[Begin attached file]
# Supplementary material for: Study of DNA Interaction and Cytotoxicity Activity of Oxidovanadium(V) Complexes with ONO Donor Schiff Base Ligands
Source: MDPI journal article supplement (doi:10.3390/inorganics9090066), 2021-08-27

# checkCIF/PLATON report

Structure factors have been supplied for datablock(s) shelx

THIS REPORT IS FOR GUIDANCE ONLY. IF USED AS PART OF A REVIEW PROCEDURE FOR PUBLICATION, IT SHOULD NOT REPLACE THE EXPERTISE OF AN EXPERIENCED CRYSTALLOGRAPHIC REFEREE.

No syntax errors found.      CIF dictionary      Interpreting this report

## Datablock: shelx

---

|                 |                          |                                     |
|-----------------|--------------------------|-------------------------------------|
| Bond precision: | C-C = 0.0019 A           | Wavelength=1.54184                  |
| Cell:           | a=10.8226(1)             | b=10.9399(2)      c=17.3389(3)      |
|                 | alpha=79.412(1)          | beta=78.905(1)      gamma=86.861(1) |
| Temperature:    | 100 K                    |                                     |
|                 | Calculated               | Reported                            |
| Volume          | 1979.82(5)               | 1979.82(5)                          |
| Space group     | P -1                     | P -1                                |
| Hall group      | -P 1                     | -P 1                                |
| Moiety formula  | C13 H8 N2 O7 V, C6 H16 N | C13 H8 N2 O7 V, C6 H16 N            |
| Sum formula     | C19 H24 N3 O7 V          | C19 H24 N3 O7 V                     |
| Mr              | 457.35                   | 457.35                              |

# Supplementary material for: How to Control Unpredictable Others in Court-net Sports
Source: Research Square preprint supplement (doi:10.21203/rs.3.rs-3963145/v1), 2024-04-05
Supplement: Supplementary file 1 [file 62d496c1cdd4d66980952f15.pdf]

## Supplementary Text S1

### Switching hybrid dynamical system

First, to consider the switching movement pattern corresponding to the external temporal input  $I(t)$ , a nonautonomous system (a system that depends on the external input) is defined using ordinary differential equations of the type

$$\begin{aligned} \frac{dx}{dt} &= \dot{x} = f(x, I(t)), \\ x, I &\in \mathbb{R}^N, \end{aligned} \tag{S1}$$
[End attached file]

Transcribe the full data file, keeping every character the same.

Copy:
# Supplementary material for: Study of DNA Interaction and Cytotoxicity Activity of Oxidovanadium(V) Complexes with ONO Donor Schiff Base Ligands
Source: MDPI journal article supplement (doi:10.3390/inorganics9090066), 2021-08-27

# checkCIF/PLATON report

Structure factors have been supplied for datablock(s) shelx

THIS REPORT IS FOR GUIDANCE ONLY. IF USED AS PART OF A REVIEW PROCEDURE FOR PUBLICATION, IT SHOULD NOT REPLACE THE EXPERTISE OF AN EXPERIENCED CRYSTALLOGRAPHIC REFEREE.

No syntax errors found.      CIF dictionary      Interpreting this report

## Datablock: shelx

---

|                 |                          |                                     |
|-----------------|--------------------------|-------------------------------------|
| Bond precision: | C-C = 0.0019 A           | Wavelength=1.54184                  |
| Cell:           | a=10.8226(1)             | b=10.9399(2)      c=17.3389(3)      |
|                 | alpha=79.412(1)          | beta=78.905(1)      gamma=86.861(1) |
| Temperature:    | 100 K                    |                                     |
|                 | Calculated               | Reported                            |
| Volume          | 1979.82(5)               | 1979.82(5)                          |
| Space group     | P -1                     | P -1                                |
| Hall group      | -P 1                     | -P 1                                |
| Moiety formula  | C13 H8 N2 O7 V, C6 H16 N | C13 H8 N2 O7 V, C6 H16 N            |
| Sum formula     | C19 H24 N3 O7 V          | C19 H24 N3 O7 V                     |
| Mr              | 457.35                   | 457.35                              |

# Supplementary material for: How to Control Unpredictable Others in Court-net Sports
Source: Research Square preprint supplement (doi:10.21203/rs.3.rs-3963145/v1), 2024-04-05
Supplement: Supplementary file 1 [file 62d496c1cdd4d66980952f15.pdf]

## Supplementary Text S1

### Switching hybrid dynamical system

First, to consider the switching movement pattern corresponding to the external temporal input  $I(t)$ , a nonautonomous system (a system that depends on the external input) is defined using ordinary differential equations of the type

$$\begin{aligned} \frac{dx}{dt} &= \dot{x} = f(x, I(t)), \\ x, I &\in \mathbb{R}^N, \end{aligned} \tag{S1}$$